How the enterprise is going social

Social networking and media has affected the enterprise in different ways than it has consumers. Analyst firm Gartner has some interesting ideas on what happens next.

Analyst firm Gartner is out with five predictions for social software, the net of which shows that social media functions will both succeed and fail in the enterprise.

Gartner believes that social services will be embraced, but perhaps not in the way we thought they would. In boiling down the various social mediums into mechanics such as interpersonal communications or performance analysis, it becomes a bit clearer how these services will be adopted in the enterprise. It also gives a glimpse into areas start-ups can target to solve business problems.

Gartner's five social software predictions for 2010 and beyond:

  • By 2014, social-networking services will replace e-mail as the primary vehicle for interpersonal communications for 20 percent of business users.
  • By 2012, over 50 percent of enterprises will use activity streams that include microblogging, but stand-alone enterprise microblogging will have less than 5 percent penetration.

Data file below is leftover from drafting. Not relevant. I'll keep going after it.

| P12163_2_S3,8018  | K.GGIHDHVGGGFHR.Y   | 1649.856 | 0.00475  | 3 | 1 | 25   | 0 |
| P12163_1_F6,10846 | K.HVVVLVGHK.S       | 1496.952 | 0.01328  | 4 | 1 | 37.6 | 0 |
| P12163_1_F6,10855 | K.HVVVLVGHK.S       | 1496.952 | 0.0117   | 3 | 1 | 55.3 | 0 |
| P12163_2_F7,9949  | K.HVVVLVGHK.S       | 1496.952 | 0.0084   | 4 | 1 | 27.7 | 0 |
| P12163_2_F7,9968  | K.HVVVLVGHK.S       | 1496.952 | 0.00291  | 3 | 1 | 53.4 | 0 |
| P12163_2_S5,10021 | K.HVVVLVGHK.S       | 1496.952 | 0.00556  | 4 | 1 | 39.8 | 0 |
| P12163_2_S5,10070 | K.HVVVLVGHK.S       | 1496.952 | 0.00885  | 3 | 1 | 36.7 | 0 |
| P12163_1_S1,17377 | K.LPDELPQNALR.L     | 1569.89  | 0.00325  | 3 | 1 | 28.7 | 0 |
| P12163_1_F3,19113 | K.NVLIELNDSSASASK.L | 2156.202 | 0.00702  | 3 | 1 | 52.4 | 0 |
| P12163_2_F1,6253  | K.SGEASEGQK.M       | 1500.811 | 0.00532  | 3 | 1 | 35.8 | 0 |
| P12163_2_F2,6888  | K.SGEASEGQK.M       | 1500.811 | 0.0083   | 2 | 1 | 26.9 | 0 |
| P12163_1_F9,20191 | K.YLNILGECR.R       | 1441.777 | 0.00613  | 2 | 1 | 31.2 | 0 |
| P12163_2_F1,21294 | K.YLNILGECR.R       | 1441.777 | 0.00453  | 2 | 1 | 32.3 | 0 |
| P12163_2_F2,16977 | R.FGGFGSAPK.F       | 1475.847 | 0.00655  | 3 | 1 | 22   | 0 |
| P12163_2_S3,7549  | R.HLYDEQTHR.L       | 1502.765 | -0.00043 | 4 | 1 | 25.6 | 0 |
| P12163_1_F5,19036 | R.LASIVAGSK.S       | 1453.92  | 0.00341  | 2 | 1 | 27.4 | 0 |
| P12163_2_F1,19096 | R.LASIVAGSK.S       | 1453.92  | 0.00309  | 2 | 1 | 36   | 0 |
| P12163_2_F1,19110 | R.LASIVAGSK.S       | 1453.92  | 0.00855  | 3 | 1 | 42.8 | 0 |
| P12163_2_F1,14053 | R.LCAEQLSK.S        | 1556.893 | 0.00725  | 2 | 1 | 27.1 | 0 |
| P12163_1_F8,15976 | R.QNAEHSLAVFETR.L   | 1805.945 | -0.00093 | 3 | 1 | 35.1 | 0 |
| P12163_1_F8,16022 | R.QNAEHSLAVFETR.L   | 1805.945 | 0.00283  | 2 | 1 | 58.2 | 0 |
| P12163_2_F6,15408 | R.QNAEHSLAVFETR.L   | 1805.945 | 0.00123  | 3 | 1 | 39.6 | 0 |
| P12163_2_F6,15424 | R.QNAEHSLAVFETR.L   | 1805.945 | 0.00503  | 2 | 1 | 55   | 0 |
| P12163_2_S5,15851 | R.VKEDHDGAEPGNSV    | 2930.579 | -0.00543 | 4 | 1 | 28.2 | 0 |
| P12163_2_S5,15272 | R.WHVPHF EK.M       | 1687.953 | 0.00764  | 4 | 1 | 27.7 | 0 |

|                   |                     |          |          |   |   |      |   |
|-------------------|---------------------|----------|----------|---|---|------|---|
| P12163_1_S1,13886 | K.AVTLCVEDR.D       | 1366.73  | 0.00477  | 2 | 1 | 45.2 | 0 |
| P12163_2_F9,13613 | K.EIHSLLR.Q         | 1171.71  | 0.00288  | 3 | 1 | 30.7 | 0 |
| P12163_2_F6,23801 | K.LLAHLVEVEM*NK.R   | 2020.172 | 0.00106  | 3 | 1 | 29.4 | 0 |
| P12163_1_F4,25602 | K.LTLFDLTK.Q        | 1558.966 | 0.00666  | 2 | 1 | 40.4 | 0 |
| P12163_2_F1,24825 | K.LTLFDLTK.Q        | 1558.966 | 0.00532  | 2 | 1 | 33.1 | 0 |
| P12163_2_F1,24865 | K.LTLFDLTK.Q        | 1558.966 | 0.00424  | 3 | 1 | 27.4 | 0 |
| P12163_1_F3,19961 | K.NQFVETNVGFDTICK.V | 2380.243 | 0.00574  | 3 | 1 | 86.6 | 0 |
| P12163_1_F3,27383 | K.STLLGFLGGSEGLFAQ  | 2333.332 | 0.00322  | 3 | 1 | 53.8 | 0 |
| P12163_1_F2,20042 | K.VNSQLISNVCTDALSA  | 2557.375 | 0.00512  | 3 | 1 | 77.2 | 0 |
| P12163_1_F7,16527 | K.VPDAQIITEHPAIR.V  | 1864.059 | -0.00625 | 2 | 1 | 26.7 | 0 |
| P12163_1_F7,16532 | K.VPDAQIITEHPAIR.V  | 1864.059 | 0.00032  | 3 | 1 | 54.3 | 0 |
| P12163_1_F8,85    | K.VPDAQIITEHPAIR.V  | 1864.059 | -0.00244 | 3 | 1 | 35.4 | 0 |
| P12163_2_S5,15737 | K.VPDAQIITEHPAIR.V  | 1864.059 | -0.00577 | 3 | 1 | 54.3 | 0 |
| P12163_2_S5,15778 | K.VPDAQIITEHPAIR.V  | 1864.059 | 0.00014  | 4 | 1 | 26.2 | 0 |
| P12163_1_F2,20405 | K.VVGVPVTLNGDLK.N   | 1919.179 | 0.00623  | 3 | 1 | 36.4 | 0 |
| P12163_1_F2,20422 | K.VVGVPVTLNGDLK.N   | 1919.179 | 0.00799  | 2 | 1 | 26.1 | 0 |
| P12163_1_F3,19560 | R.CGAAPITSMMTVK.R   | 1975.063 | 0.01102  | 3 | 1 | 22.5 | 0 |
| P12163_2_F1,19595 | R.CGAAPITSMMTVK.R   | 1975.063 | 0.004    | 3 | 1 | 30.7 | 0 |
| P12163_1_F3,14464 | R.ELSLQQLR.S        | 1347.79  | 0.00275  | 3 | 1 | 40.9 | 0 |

• Through 2012, more than 70 percent of IT-dominated social media initiatives will fail.
  • Within five years, 70 percent of collaboration and communications applications designed on PCs will be modeled after user experience lessons from smartphone collaboration applications.
  • Through 2015, only 25 percent of enterprises will routinely utilize social network analysis to improve performance and productivity.

The two most interesting predictions are the suggestion that social-networking services will replace e-mail, and the notion that collaboration and communications applications designed on PCs will be modeled after user experience lessons from smartphones.

E-mail, for all its hassles, remains the king of the enterprise. Social-networking services do offer a nice way to deal with the pub/sub functions of communication, but will be difficult to archive and audit, especially in areas that require data compliance.

The idea that collaboration and communications application design will take mobile into account is no surprise. What's surprising, though logical, is the idea that application design on smartphones will not only become integral to business, but also that the simplicity associated with mobile applications will trickle back into the desktop world in just five years.

About the author

Dave Rosenberg has more than 15 years of technology and marketing experience that spans from Bell Labs to startup IPOs to open-source and cloud software companies. He is CEO and founder of Nodeable, co-founder of MuleSoft, and managing director for Hardy Way. He is an adviser to DataStax, IT Database, and Puppet Labs.

 

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